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Directed by Melissa Anastasi

  • Australia 2019; 17 min
  • Original version: English
  • Genre: Drama


Keira, 11, is a lonely, compulsive thief. She steals from the pregnant women taking classes at the local Aquatic Centre and displays the trinkets proudly at the small apartment she shares with Beth. Beth's burgeoning relationship with Jack means Keira must compete for attention at the risk of losing the only family she has.

Director's Statement

Chlorine is an intimate film about the struggles of a young thief and her hapless young mother living on the fringes of society in a run down housing estate. This project is an exploration of blood ties, and the bond between family under extremely difficult circumstances. The film explores the tension between familial obligations over a reckless, youthful desire for freedom.
Keira frequents the local pool, where she steals not merely out of a desire for material security; she is seeking to fill the hole left in her life by the regular absence of family. The film takes place in the two distinct worlds that Keira moves between – the world of the housing estate, and the world of the aquatic centre.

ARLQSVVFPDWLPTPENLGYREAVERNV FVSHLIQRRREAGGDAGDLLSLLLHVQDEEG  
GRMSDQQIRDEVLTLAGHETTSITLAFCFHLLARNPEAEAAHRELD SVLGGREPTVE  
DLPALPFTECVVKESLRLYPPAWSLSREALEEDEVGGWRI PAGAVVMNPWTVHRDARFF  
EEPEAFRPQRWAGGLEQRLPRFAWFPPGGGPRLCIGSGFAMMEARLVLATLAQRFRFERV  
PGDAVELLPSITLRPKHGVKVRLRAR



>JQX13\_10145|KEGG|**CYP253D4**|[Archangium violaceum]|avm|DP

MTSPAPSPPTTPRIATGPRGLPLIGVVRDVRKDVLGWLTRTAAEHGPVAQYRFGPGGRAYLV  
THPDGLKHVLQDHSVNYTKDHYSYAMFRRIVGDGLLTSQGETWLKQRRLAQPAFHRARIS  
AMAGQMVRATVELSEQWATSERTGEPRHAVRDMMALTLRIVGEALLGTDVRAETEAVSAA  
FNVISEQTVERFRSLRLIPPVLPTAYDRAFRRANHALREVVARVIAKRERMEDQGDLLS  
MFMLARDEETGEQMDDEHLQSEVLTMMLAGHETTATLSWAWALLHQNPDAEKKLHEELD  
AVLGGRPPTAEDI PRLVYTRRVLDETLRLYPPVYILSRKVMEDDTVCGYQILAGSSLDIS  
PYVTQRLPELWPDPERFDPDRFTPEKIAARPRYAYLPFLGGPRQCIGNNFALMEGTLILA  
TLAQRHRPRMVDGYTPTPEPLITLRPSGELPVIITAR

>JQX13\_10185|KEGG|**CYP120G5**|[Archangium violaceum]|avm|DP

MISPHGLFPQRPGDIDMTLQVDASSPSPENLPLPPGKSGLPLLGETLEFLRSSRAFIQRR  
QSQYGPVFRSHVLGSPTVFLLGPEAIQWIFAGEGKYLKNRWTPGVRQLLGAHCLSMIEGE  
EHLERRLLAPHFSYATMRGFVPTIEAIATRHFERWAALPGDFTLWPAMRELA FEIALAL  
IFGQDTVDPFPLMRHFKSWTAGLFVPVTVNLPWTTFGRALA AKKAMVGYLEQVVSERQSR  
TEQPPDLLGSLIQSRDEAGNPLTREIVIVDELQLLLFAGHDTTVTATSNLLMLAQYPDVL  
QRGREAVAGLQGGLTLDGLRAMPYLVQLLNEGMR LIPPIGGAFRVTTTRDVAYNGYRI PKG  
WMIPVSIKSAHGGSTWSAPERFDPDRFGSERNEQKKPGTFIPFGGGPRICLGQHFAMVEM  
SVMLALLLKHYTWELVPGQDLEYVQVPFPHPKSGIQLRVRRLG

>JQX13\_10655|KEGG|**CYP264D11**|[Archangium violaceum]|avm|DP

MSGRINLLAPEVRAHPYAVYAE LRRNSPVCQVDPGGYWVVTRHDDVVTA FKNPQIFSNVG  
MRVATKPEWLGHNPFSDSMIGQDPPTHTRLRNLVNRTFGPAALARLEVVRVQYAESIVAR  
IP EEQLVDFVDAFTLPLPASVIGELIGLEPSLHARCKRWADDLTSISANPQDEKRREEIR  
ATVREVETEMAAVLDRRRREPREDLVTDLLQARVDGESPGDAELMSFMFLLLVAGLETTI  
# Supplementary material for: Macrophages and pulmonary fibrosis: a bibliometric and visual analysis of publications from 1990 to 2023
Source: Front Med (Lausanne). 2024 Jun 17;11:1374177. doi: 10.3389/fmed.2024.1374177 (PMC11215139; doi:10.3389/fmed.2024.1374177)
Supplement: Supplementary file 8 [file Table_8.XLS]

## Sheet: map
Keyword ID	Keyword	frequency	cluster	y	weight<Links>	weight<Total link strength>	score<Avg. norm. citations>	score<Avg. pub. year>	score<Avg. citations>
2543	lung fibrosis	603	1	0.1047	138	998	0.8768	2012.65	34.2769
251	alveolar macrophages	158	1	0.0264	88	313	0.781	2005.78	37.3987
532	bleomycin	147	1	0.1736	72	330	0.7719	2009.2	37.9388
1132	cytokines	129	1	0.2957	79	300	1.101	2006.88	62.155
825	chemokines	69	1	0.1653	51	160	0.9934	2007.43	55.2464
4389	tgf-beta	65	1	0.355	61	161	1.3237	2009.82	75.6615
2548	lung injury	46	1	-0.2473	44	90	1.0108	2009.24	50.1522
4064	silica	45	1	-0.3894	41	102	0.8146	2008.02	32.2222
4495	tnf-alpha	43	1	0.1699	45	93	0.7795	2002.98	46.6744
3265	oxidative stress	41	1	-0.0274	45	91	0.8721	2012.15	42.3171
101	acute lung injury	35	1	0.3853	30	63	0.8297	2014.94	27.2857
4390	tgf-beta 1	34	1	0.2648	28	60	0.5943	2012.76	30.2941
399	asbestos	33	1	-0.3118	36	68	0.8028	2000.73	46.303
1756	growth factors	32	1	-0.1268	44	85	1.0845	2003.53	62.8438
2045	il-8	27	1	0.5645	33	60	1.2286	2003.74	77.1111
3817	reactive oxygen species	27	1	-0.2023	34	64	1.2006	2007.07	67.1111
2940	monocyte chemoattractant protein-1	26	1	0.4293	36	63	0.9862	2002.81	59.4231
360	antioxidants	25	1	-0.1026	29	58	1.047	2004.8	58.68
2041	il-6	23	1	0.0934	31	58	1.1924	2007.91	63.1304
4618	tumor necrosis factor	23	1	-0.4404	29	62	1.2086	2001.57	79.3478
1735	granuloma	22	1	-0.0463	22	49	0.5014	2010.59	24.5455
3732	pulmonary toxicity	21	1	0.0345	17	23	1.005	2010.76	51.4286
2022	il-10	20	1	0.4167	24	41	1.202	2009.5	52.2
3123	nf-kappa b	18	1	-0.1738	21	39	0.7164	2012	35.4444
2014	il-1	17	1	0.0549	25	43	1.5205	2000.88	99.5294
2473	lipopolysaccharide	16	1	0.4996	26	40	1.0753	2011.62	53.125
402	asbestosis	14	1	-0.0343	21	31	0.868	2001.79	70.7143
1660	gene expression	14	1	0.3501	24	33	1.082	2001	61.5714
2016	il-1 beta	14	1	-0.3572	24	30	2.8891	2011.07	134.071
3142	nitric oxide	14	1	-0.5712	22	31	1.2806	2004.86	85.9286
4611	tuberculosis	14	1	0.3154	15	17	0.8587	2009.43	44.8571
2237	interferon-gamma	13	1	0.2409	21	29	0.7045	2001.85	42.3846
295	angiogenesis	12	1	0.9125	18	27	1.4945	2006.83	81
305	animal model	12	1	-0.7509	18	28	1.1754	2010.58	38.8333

The aquatic centre is a cocooned world of its own, where mothers and their children bond – it is like a womb, and the fact that we see Keira here time and again, watching and stealing from these women, is symbolic of her desire to be mothered, to have familial and maternal love in her life.
Visually the film has a fluid floating shooting style to match Keira’s careful, calculated and watchful approach to a world she must carefully navigate in order to survive. Composed shots of the pool world, capturing its order and geometry, and the pregnant female form against it, juxtapose the messiness of Keira’s life beyond its walls. By taking a more formal approach to this subject matter, I seek to elevate it beyond the confines of social-realist drama and take it into a much more poetic and subjective space, as seen through the eyes of the protagonist, who studies these women as though she can absorb something from them through osmosis.
The female characters in the film are rich and complex, and this is something that I intend to carry through in my long form work. By making Chlorine I seek to represent these women’s stories in an authentic and honest way that is emotionally resonant.



    Melissa Anastasi, Jess Carerra